Here come the Los Angeles Dodgers.
Now, you might be looking at the standings, realizing that the Dodgers still occupy last place in the National League West. That’s true. If you’re just tuning into the season, their 38-43 record would be considered a disappointment, and if you been tuned it, it’s still a disappointment given their hefty payroll.
Here’s where the “here come the Dodgers” line comes into play: The boys in blue are 8-2 over their last 10 games and are just 3.5 games back of the first-place Arizona Diamondbacks, who own the NL West’s only winning record. In most divisions, Arizona be hovering around third place. In the best division–AL East–they’d be in fourth place.
So you get the point: the Dodgers are lucky they’re in the NL West.
There’s been no bigger contributor to the Dodgers’ hot streak then Hanley Ramirez. The injury-riddled shortstop has a slash of .477/.521/.886 over his last 13 games. He has a 1.047 OPS and five home runs during that stretch too. Ramirez ranks in the top 10 in each of the aforementioned categories since June 19.
And the most significant number: the Dodgers are 9-4 during that stretch.
Yeah, Ramirez is on fire. It’s no coincidence that the Dodgers’ hot streak has coincided with Ramirez’s hot streak. It helps that they’re getting some stellar pitching too.
However, Ramirez’s success comes with some skepticism. Or more specifically, his approach comes with some skepticism.
Ramirez has generally been a patient hitter in his seven-year career. When he finished second in NL MVP voting in 2009, he had an O-Swing% of 26 percent. For reference, O-Swing% measures the amount of pitches outside of the zone that a batter swings at.
Ramirez’s 2009 mark is quite good. Not elite, elite, but good. From 2010 on, here’s how his O-Swing% trend: 29.9, 23.9 and 30.5. Now for his 2013 mark: 40 percent. That’s about a 10 percent uptick, and if he qualified, that would be the ninth-highest O-Swing% in baseball.
But wait, there’s more…
Ramirez’s O-Contact%, which measures the percentage of pitches a batter makes contact with that are out of the strike zone, is 64.3 percent. His career average in that department is 64.8 percent, so we’re not looking at a “whoa” situation. His career-best mark is an even 70 percent.
In English: He’s swinging at more pitches outside of the zone, and he’s not making and his contact rate isn’t particularly good. That doesn’t at least seem like a formula for success.
There have been guys who can succeed on that formula. Pablo Sandoval can vouch. He swings at the most pitches outside of the zone in baseball (49.7 percent), and he leads baseball in that department since 2010, among active players. Since 2010, Sandoval has a solid .789 OPS. He is just one example, and there are more. Think Vladimir Guerrero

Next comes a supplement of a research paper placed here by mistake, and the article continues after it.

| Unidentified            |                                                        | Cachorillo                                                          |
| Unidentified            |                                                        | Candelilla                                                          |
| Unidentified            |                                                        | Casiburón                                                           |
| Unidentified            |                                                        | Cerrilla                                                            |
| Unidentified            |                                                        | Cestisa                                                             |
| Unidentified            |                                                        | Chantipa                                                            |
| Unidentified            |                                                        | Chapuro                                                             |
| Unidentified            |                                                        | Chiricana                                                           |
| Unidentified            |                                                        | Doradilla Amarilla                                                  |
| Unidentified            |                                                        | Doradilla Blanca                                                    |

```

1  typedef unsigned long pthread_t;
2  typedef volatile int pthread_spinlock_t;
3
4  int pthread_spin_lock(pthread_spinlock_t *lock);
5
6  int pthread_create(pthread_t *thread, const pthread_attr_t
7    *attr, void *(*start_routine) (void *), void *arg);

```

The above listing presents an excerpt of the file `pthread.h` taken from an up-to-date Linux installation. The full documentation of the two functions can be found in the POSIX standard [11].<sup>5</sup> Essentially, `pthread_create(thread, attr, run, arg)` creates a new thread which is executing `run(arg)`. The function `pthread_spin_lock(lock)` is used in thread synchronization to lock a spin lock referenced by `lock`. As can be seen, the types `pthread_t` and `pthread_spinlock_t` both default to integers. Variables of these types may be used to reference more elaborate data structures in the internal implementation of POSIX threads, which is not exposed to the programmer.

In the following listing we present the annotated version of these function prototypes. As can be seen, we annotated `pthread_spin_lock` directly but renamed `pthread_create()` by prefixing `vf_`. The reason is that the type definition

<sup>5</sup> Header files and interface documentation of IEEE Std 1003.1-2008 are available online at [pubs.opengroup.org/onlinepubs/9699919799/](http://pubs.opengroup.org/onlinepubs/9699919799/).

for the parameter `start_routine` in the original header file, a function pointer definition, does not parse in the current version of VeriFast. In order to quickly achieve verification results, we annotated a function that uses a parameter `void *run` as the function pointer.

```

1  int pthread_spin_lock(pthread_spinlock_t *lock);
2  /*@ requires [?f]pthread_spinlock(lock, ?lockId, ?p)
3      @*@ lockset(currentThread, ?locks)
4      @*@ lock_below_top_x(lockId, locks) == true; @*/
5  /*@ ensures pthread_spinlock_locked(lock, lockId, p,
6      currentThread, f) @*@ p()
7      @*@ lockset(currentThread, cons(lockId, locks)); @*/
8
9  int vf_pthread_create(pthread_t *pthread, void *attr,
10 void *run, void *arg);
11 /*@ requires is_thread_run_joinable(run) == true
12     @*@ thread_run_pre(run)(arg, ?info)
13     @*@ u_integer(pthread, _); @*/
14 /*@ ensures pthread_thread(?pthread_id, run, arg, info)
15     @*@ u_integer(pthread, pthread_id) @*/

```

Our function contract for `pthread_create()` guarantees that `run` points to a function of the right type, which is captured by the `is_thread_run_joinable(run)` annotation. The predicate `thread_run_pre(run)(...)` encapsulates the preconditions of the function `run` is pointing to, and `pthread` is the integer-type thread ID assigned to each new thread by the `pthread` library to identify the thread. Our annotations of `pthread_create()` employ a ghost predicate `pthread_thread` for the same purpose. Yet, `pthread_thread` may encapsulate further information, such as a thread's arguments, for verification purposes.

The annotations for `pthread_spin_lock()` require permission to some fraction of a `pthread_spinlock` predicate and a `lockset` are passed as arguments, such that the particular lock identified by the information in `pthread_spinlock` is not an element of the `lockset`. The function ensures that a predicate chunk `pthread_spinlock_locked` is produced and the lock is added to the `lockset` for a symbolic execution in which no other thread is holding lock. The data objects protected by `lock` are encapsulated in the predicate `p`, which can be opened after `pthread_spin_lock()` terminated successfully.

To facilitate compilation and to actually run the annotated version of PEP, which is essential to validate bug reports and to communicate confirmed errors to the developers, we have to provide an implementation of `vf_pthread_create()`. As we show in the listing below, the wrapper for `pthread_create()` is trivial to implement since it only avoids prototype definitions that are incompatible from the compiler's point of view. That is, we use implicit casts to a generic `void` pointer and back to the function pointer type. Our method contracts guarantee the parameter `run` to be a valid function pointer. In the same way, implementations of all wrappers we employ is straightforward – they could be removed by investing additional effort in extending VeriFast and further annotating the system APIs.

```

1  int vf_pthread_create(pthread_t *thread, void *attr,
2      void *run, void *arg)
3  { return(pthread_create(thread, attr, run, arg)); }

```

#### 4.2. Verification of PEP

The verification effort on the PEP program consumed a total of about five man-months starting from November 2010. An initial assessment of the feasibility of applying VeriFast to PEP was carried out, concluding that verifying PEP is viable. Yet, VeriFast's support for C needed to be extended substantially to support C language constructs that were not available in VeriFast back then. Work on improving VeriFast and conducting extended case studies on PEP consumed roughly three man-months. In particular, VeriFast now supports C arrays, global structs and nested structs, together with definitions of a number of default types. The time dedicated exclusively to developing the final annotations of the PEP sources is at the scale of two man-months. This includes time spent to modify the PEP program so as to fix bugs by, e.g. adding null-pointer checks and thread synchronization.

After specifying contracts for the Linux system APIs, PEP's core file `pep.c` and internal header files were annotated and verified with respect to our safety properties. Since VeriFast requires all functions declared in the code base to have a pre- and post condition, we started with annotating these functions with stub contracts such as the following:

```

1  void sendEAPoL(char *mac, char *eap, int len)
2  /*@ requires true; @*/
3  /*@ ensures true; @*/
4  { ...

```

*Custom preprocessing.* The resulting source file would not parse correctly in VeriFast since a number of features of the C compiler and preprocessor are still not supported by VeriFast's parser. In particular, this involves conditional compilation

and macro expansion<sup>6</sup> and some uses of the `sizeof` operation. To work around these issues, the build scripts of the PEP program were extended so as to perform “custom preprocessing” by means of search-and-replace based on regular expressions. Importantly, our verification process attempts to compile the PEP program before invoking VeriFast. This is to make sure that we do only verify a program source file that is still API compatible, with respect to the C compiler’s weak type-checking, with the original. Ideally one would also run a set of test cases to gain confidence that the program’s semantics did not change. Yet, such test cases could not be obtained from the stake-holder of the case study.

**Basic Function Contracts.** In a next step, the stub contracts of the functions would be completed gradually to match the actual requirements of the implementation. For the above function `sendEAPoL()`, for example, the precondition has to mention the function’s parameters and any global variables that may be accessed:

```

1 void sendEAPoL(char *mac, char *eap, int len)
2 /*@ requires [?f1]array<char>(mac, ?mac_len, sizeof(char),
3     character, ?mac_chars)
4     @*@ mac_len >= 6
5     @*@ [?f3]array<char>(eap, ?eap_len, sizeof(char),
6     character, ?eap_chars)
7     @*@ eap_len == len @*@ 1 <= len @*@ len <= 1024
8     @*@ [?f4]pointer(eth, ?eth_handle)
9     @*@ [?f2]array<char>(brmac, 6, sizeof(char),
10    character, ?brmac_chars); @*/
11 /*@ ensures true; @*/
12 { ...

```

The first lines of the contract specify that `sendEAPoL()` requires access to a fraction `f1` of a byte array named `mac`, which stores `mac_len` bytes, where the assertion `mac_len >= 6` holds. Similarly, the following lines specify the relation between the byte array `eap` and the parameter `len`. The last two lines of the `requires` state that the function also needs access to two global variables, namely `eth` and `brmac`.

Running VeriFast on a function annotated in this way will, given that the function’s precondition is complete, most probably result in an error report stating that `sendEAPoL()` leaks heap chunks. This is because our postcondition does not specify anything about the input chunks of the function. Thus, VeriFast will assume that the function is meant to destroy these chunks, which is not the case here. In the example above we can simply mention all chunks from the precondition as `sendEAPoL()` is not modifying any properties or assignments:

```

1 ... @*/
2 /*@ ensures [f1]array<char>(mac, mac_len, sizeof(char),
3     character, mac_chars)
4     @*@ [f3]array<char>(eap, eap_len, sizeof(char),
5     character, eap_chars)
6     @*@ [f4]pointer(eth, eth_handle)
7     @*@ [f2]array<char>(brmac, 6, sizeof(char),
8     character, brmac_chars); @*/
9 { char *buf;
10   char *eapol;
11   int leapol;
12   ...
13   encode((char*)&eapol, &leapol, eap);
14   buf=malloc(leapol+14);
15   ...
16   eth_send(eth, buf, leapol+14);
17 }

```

But Ramirez can’t expand his zone quite like Sandoval, thus leading me to poke at the dreaded “regression.” word.
Let’s clear one thing up first: Ramirez won’t be able to sustain his .477 mark through September, and I think that’s a given. He’s going good, but only the most steadfast of the steadfast Dodgers fans can genuinely claim that Ramirez’s batting average will border .500 for the remainder of the year.
However, Ramirez’s uncharacteristic plate discipline in 2013 could cause him to regress significantly. For that, we turn to FanGraphs. FanGraphs’ ZiPS projects Ramirez to hit .278/.343/.472 for the remainder of the year. Steamer, meanwhile, projects him to hit .275/.347/.457. Both batting averages marks would keep his season total above .300, for it’s worth.
So it looks like two projection systems would concur. I know, with the way that he’s going, it’s hard to say that he’s going to be a sub-.300 hitter for the rest of the season. A lot of pundits would have a hard time disagreeing with you too, because it would be quite the regression for an elite player like Ramirez.
Eventually, however, poor plate discipline takes its toll, unless you’re Vladimir Guerrero or Sandoval–again, I’m missing a few. You could throw Alfonso Soriano, Josh Hamilton (Consider his MVP year and 2012) and Mark Trumbo into that mix too (since 2010). All five of those guys have found success with an approach on the aggressive side of the spectrum.
Ramirez isn’t in that good “bad ball” hitters group, at least that’s what history suggests. Trends point to a decline, and it’s just a matter to what extent. With his newly-surfaced free-swinging approach, it could be pretty dramatic.
All stats courtesy of FanGraphs and Baseball-Reference